Update: The proposal to waive tuition and fees for Nevada foster youth was passed by the Nevada System of Higher Education’s Board of Regents on Sept. 6.
The Board also decided to expand eligibility for the waiver to any student who have spent time any in foster care since age 14, rather than 16 as originally proposed.
The wavier policy will take effect starting January 2019.
Foster youth in Nevada may soon see a clearer pathway to college as state leaders consider a proposal that would waive tuition and fees at a number of state schools for any Nevadan who spent time in foster care on or after their 16th birthday.
The Nevada System of Higher Education (NSHE) is set to vote on the proposal during the Sept. 6 meeting of the Board of Regents.
Research shows that while the vast majority of foster youth aspire to higher education, only 40 percent attend college and just 8 percent earn a degree by age 26.
“For foster care children, we want to create a culture of hope in the future and we can achieve that through educational success,” said NSHE Chancellor Thom Reilly, who is championing the proposal. “The reality remains that more education still means more money over a worker’s lifetime and a pathway to social mobility and the middle class.”
The proposal would waive foster youths’ tuition, registration fees and certain lab fees at eight state institutions, including:
- University of Nevada-Las Vegas
- University of Nevada-Reno
- College of Southern Nevada
- Desert Research Institute
- Great Basin College
- Nevada State College
- Truckee Meadows Community College
- Western Nevada College
Students up to age 26 who spent time in foster care on or after their 16th birthday would be eligible for the waiver.
“The responsibility really is on the state to be the parent to these youth,” and part of that means helping ensure their access to education, said Denise Tanata, executive director of the Las Vegas-based nonprofit Children’s Advocacy Alliance, which helped develop the proposal alongside the Walter S. Johnson Foundation.
According to the Education Commission of the States, state-level tuition assistance for foster youth started to appear in 2003. If passed, Nevada would join ranks with 28 states across the country that offer tuition assistance of some sort to foster youth, either through waivers or scholarships and grants (and, sometimes, a combination of the two).
While most waivers cover just tuition and fees, some states, like Iowa, use grants and scholarships to cover the entire cost of attending college, including books, meal plans and housing.
Just this year, the Arizona state legislature passed a similar tuition waiver for foster youth after analyzing the outcomes of a pilot program. Wisconsin is also considering a tuition waiver for in-state universities and technical schools – more than a third of the state’s legislators signed onto the bill as co-sponsors.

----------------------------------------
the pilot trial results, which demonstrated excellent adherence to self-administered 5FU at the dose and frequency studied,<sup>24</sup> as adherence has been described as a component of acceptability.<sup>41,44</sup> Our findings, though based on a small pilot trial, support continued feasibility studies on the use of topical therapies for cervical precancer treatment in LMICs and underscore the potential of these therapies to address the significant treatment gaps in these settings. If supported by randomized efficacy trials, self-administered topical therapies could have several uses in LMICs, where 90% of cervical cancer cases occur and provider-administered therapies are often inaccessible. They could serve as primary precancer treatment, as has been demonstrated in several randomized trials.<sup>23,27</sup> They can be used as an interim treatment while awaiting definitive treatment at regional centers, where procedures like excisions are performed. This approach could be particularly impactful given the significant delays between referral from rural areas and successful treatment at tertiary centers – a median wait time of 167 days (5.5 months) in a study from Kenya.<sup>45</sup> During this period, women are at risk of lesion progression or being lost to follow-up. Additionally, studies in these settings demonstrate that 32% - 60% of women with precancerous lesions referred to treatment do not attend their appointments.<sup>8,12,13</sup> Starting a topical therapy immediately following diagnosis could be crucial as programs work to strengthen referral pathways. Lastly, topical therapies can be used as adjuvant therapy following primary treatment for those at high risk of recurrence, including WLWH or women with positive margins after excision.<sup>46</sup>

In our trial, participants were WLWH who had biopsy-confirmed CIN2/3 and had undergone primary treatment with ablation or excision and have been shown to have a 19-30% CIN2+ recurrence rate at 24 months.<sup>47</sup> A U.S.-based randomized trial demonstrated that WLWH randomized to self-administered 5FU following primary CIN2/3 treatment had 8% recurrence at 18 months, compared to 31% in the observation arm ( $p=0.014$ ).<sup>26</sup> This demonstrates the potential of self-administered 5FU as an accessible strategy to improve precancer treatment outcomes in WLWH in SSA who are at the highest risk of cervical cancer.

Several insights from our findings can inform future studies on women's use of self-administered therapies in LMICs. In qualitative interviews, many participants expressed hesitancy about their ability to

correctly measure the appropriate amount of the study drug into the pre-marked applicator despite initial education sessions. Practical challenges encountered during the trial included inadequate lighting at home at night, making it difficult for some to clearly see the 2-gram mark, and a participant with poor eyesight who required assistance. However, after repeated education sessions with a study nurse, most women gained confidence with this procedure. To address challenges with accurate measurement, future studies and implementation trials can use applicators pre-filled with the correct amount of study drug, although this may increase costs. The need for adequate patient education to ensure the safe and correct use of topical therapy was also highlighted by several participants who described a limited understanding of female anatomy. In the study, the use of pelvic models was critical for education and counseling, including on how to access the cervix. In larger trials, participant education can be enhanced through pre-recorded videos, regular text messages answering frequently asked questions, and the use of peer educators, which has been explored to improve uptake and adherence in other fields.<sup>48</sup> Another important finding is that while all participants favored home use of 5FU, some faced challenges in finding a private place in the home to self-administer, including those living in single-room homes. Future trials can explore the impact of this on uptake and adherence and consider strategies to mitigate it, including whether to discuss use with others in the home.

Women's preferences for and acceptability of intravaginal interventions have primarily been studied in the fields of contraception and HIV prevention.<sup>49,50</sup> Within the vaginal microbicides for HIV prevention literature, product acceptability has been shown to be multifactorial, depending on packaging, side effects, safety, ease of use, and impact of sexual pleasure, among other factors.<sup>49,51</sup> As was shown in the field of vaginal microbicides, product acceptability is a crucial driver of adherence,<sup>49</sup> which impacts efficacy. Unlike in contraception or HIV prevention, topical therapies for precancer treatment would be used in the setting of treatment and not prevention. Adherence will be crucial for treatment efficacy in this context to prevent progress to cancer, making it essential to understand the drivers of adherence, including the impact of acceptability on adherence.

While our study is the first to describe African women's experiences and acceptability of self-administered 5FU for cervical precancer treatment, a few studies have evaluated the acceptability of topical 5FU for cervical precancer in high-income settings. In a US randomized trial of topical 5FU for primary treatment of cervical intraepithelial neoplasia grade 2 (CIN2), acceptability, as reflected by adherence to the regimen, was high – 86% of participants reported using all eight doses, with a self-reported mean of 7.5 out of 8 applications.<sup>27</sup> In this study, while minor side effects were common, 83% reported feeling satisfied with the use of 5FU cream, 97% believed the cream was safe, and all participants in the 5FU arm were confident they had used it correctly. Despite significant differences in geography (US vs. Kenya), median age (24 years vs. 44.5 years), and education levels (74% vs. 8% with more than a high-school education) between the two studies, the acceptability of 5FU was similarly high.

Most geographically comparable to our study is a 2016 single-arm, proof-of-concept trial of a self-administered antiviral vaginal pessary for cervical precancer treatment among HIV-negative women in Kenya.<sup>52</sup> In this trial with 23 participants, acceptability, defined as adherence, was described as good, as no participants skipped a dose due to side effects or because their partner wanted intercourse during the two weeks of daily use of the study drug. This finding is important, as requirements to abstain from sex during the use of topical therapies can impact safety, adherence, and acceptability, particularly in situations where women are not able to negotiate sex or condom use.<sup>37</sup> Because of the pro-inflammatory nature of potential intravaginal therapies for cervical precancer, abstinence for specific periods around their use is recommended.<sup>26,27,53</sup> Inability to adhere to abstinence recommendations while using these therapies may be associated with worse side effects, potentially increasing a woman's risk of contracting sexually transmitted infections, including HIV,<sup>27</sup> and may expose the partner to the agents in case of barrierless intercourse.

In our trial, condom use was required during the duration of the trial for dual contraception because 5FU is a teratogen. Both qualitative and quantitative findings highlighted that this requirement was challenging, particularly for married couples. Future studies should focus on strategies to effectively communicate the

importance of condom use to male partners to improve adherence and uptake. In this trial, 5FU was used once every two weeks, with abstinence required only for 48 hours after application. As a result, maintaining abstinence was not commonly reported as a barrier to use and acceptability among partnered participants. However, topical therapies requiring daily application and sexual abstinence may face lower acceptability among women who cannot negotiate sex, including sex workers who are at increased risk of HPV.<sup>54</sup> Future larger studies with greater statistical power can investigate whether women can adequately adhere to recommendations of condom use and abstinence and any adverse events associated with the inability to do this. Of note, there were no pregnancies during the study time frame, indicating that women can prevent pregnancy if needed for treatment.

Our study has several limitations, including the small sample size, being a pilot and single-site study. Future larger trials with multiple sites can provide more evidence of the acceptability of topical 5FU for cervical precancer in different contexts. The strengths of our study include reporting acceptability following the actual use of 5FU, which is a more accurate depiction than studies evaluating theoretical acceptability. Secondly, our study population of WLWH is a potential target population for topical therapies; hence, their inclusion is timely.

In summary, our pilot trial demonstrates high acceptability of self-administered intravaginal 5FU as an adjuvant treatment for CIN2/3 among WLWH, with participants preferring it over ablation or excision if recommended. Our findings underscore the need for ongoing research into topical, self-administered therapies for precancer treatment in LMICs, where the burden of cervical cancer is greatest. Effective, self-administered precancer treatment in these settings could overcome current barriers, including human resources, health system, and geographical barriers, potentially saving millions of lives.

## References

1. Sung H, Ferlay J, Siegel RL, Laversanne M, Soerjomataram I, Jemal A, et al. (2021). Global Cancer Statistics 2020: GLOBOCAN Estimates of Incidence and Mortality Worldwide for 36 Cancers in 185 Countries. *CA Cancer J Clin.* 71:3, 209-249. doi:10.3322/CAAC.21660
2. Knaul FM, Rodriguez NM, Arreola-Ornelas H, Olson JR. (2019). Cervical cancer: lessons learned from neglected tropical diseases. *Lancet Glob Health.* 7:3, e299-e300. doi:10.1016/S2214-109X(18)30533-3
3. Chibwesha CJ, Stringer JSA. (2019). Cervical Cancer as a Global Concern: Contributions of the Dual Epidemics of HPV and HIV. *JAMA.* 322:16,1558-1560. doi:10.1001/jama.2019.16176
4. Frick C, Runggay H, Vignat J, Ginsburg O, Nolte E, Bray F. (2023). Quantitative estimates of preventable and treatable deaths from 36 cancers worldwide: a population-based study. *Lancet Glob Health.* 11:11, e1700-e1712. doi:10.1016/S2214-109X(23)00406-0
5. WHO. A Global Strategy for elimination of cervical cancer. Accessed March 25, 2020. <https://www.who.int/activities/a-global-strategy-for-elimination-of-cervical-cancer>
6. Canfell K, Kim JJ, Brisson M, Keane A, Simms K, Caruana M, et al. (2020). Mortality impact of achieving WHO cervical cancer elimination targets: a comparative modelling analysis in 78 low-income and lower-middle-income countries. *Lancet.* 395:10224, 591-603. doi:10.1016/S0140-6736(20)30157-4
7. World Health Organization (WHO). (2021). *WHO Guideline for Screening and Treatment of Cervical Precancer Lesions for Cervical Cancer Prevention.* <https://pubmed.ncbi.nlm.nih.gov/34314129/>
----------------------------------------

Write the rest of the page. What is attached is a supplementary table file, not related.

Foster youth in Nevada currently have access to some financial assistance options to support their education and transition to adulthood, including the federal Pell grant and educational training vouchers, which each provide a fixed dollar amount per school year. Neither come close to covering the full cost of attending college, though — the maximum Pell grant for the 2018-19 school year is $6,095, and the educational training vouchers provide up to $5,000 per school year. One year at UNLV for in-state residents costs more than $20,000. One year at Truckee Community College costs an estimated $23,717 for students not living with their parents.
“Doing the tuition fee waiver will allow [foster youth] to use those other funds for additional costs,” like housing, books, transportation, Tanata said. “Things that other youth would take for granted because they have that extra support from their parents.”
Children’s Advocacy Alliance is also looking to design a suite of wraparound services to be available to students both on and off campus, including supports to help students navigate challenges like housing and financial planning, as well as the day-to-day challenges of transitioning from high school to college. The proposal notes that the Division of Child and Family Services has indicated that they will assign a mentor to each student that qualifies for the waiver program.
Reilly, the NHSE Chancellor responsible for the proposal, is a former foster care case manager and oversaw the Clark County Department of Family Services while serving as county manager. Staff from his office say the initiative will lead to increased collaboration between NSHE and local child welfare agencies.
Approximately 200 youth age out of foster care each year in Nevada. According to the proposal, the estimated financial impact will be $115,000 for the first year with costs expected to rise in future years as additional cohorts of students start enrolling and taking advantage of the waiver.
According to Tanata, the NSHE will absorb the cost of the program into its budget, which is supplied by a combination of state funding and endowments.
Note: The Walter S. Johnson Foundation has made charitable contributions to Fostering Media Connections, the parent organization of Fostering Families Today and The Chronicle of Social Change.